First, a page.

How Public Companies Manipulate Their True Value
Here’s a quick tale from the annals of Americana. My very first entrepreneurial venture was a lemonade stand I set up on a busy street corner in Philadelphia. I must have been about eight. I handled everything – the preparation of the product, advertising (a crooked sign written in black crayon and nailed to an orange crate) and retail sales. I offered shameless and unprofitable discounts to thirsty groups of two or more.
I consider this early effort an abject failure. Yes, it was a failure because I hung in there only about a day and a half. But, more importantly, it was a failure because I learned nothing about the local market for lemonade. Sure, I scored some sales with ten, maybe twelve, people. But all of these customers were neighbors eager to support the effort of a kid they thought was cute and whose parents they knew. When they laid down their thin dime for a glass of lemonade, I couldn’t even be sure they were thirsty.
I mention my early entrepreneurial disaster by way of introduction to a current problem in the stock market – corporate stock buybacks. A buyback occurs when a company uses its own money to pay investors the market price for their shares in order to reclaim equivalent portions of ownership.
While the move is certainly strategic and perfectly legal, it ultimately distorts the true value of a public stock. Companies that buy back stock send a deceptive signal to the marketplace. Just as my childhood sense of the local lemonade market was distorted by well-meaning neighbors, both existing and prospective investors in a public company are left with a skewed sense of a company’s stock if it’s being propped up by a reduced number of outstanding shares. As Fortune sagely points out:
“…All of those stock purchases are making corporate profits look better than they are. Fewer shares make companies’ closely watched per-share earnings go up, or go up more, than actual profits.”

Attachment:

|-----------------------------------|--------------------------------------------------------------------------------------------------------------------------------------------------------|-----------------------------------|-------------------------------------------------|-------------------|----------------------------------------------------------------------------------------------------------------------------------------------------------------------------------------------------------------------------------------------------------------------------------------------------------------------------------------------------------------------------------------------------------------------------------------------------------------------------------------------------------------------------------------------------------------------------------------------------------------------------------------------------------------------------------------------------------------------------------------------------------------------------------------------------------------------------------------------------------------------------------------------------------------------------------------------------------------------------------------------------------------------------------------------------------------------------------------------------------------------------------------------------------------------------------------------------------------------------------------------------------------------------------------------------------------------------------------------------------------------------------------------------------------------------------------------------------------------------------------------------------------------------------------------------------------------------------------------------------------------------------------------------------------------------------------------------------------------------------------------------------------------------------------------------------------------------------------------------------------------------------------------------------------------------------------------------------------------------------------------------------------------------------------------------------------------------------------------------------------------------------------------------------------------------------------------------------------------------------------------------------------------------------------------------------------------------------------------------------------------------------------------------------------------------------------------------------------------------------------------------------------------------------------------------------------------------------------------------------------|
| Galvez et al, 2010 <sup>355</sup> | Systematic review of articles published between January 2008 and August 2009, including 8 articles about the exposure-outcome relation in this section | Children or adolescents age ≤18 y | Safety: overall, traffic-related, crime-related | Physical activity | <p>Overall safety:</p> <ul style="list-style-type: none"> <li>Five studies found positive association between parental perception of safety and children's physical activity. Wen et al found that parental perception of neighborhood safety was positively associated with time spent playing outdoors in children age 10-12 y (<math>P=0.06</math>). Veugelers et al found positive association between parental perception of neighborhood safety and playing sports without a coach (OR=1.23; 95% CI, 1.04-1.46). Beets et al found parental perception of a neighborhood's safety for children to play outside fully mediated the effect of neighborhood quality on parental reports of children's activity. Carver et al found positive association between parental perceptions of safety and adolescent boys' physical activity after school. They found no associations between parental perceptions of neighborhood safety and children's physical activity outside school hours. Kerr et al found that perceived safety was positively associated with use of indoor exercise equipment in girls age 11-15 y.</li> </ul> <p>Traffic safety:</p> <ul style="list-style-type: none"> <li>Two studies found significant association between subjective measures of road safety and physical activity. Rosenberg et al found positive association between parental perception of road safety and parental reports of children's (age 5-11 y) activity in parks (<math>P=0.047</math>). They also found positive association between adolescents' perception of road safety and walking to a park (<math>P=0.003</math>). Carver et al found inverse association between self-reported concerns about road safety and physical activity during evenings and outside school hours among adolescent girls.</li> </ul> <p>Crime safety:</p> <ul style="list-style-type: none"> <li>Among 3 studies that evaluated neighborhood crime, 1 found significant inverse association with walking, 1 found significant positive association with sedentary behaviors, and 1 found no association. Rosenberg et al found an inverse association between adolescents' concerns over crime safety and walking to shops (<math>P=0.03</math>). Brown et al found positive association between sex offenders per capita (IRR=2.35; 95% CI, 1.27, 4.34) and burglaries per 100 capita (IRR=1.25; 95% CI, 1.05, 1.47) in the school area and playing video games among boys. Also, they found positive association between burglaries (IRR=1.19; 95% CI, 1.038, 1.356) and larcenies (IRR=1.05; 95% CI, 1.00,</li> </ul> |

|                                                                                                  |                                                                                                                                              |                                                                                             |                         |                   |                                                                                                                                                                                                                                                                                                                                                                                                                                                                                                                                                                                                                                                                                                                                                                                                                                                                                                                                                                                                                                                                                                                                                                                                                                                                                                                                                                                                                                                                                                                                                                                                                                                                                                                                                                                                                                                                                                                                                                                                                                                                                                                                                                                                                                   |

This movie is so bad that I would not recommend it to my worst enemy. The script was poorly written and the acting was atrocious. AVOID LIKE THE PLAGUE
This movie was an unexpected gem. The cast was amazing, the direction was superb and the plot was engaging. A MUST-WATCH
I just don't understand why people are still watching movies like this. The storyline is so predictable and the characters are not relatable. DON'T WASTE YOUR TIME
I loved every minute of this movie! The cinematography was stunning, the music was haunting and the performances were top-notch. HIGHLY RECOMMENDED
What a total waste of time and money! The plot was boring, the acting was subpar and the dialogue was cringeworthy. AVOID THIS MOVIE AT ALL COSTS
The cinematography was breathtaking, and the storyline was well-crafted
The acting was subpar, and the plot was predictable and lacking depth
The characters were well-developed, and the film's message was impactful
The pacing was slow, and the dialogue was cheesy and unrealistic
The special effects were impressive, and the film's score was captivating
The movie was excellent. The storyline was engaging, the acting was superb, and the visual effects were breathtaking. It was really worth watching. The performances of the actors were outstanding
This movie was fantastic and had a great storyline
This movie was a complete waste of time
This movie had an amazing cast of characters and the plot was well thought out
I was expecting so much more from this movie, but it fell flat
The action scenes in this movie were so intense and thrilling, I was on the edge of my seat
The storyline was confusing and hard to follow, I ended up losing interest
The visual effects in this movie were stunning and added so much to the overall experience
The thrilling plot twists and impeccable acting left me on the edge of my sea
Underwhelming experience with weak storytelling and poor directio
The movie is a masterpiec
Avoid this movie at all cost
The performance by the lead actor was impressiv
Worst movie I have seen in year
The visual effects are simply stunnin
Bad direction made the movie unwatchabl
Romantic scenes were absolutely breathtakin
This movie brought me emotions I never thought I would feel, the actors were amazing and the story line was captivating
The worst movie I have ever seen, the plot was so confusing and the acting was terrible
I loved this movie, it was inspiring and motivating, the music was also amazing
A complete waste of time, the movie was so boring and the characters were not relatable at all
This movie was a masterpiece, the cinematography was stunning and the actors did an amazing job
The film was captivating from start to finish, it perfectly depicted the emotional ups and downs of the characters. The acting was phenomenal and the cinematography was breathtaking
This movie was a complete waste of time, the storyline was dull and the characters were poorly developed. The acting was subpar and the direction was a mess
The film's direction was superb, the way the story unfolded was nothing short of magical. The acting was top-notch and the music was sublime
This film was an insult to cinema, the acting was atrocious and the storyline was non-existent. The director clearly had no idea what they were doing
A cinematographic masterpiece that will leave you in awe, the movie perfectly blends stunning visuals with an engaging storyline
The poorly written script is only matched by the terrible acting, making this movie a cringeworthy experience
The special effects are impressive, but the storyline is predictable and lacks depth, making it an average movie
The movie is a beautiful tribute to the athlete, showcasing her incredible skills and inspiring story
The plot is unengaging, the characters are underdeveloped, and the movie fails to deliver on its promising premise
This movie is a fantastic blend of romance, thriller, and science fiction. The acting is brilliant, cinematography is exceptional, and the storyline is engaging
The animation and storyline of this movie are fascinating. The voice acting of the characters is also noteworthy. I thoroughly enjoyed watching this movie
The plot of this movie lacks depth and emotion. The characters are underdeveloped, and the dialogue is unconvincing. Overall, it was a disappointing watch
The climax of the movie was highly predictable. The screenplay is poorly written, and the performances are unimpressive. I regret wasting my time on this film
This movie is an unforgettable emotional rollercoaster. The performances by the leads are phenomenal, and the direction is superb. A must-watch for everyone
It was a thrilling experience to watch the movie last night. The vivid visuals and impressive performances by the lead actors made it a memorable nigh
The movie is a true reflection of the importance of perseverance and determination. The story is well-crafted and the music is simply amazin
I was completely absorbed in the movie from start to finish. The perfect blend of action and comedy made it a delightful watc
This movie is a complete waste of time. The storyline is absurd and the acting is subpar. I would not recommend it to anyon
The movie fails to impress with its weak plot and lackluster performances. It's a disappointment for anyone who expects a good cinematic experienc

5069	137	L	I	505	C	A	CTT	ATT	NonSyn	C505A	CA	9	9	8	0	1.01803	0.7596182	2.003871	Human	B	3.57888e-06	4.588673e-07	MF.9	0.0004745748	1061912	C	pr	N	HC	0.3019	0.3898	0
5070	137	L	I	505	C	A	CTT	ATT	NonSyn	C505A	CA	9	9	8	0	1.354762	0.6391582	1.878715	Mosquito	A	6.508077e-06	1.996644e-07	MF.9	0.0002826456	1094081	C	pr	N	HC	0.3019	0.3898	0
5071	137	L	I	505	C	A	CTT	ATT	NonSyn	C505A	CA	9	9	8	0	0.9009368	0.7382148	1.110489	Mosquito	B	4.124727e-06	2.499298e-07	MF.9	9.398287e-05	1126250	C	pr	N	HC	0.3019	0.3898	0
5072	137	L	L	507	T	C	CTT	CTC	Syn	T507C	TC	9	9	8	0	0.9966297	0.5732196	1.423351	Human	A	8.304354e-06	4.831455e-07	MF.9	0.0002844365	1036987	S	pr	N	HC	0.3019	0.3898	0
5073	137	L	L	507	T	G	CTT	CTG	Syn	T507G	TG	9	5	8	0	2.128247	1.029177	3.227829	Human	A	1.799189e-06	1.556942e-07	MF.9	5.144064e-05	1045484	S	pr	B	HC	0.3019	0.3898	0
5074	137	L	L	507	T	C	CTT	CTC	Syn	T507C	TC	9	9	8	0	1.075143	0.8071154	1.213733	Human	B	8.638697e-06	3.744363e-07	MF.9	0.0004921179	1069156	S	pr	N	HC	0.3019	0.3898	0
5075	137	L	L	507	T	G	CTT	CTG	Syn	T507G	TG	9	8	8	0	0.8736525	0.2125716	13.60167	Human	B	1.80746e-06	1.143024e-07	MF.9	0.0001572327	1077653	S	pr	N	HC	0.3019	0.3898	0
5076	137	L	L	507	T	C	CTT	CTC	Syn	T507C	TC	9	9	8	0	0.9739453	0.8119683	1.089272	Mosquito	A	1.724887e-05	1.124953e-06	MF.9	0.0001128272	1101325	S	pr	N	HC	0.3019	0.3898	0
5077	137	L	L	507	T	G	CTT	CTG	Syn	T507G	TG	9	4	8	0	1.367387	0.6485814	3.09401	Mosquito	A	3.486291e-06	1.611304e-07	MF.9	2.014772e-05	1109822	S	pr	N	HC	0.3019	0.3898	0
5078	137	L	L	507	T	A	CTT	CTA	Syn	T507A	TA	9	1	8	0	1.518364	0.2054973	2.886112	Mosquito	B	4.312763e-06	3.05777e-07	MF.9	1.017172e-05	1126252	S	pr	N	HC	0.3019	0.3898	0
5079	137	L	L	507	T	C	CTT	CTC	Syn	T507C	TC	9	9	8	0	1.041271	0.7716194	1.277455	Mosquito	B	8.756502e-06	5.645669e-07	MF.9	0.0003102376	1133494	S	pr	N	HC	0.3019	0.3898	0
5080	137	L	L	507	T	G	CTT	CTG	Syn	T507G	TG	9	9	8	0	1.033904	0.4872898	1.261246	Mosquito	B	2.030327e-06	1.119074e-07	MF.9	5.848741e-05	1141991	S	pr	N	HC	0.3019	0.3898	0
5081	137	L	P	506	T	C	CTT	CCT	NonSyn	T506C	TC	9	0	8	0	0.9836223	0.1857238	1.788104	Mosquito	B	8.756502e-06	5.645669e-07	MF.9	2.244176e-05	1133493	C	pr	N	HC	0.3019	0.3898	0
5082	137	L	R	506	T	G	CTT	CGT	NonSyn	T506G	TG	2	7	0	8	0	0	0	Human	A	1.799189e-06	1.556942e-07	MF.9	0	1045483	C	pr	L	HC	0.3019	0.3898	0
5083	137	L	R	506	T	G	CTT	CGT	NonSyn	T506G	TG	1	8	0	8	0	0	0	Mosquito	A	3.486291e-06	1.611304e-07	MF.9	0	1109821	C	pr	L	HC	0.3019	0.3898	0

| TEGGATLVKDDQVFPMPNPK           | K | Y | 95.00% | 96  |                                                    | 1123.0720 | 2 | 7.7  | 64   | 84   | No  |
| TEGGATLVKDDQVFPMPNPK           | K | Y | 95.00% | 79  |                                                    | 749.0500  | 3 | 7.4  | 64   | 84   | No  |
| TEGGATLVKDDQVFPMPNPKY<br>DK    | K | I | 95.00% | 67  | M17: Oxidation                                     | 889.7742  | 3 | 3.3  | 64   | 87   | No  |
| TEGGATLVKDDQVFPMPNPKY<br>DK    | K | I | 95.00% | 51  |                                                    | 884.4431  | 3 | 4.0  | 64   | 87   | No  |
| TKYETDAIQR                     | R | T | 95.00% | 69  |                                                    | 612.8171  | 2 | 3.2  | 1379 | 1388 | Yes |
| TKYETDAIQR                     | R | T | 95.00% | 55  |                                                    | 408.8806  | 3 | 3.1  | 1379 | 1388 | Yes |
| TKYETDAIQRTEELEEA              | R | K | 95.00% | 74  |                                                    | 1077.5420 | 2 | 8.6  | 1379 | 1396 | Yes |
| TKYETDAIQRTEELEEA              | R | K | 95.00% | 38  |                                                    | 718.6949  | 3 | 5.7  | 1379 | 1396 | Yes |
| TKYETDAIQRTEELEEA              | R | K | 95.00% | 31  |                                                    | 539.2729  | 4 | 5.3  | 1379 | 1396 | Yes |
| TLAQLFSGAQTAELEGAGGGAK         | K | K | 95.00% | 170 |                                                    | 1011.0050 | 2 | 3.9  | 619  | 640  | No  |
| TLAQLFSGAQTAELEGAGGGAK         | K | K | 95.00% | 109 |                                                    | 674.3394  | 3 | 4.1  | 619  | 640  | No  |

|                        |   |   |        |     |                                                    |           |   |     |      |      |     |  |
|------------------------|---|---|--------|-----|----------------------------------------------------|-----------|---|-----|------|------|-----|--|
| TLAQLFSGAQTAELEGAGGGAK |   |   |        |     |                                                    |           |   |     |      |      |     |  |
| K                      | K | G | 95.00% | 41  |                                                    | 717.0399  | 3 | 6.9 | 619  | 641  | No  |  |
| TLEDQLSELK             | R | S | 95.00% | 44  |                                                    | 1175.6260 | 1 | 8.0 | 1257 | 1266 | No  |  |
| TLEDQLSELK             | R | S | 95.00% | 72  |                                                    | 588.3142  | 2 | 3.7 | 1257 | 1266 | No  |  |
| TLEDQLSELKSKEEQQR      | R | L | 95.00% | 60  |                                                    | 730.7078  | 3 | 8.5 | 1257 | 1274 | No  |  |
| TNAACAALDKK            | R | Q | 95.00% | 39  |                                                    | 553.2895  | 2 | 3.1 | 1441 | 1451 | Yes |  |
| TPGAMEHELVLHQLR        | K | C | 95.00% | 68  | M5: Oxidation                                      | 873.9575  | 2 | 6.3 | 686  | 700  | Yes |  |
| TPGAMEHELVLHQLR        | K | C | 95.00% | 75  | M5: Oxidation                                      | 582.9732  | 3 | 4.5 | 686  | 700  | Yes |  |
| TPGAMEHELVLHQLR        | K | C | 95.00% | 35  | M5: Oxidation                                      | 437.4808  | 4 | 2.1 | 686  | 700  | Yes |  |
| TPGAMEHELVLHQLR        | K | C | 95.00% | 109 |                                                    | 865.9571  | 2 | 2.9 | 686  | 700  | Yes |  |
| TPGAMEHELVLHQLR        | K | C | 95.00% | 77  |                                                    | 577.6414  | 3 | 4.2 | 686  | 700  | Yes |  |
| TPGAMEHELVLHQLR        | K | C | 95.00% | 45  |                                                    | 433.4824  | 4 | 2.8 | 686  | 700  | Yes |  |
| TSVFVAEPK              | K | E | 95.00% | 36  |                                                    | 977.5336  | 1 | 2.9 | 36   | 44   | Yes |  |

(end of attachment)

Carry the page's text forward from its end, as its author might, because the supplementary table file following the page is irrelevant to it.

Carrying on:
Clearly management would be much wiser if it used its cash to invest directly in the company’s operations or marketing initiatives.
But there’s usually a method to a company’s madness in stock buybacks. When a company reduces its number of outstanding shares, it automatically increases its stock’s earnings-per-share ratio. At this point, a much rosier picture of the company can be presented to future investors (and their stockbrokers).
And here’s another piece of the puzzle. Alert and savvy investors looking for a quick profit will frequently buy a company’s stock just before a scheduled buyback because they’re assured of an automatic increase in its price.
But investor beware! What you perceive as a profit opportunity could turn out to be a ploy for putting money in a CEO’s pocket. If his compensation is linked to a gain in the price of the company’s stock, a modest profit for you on a stock buyback could prove a windfall for him or her.
Now here’s food for thought: Gold is already the best-performing asset of 2016. When you hold physical gold, you don’t have to play the shell game of selling back shares for a quick hit. You need not be concerned about whether a CEO’s compensation has artificially inflated the value of your investment. You’ll be holding a time-tested tangible asset that’s subject to no one else’s secret agenda.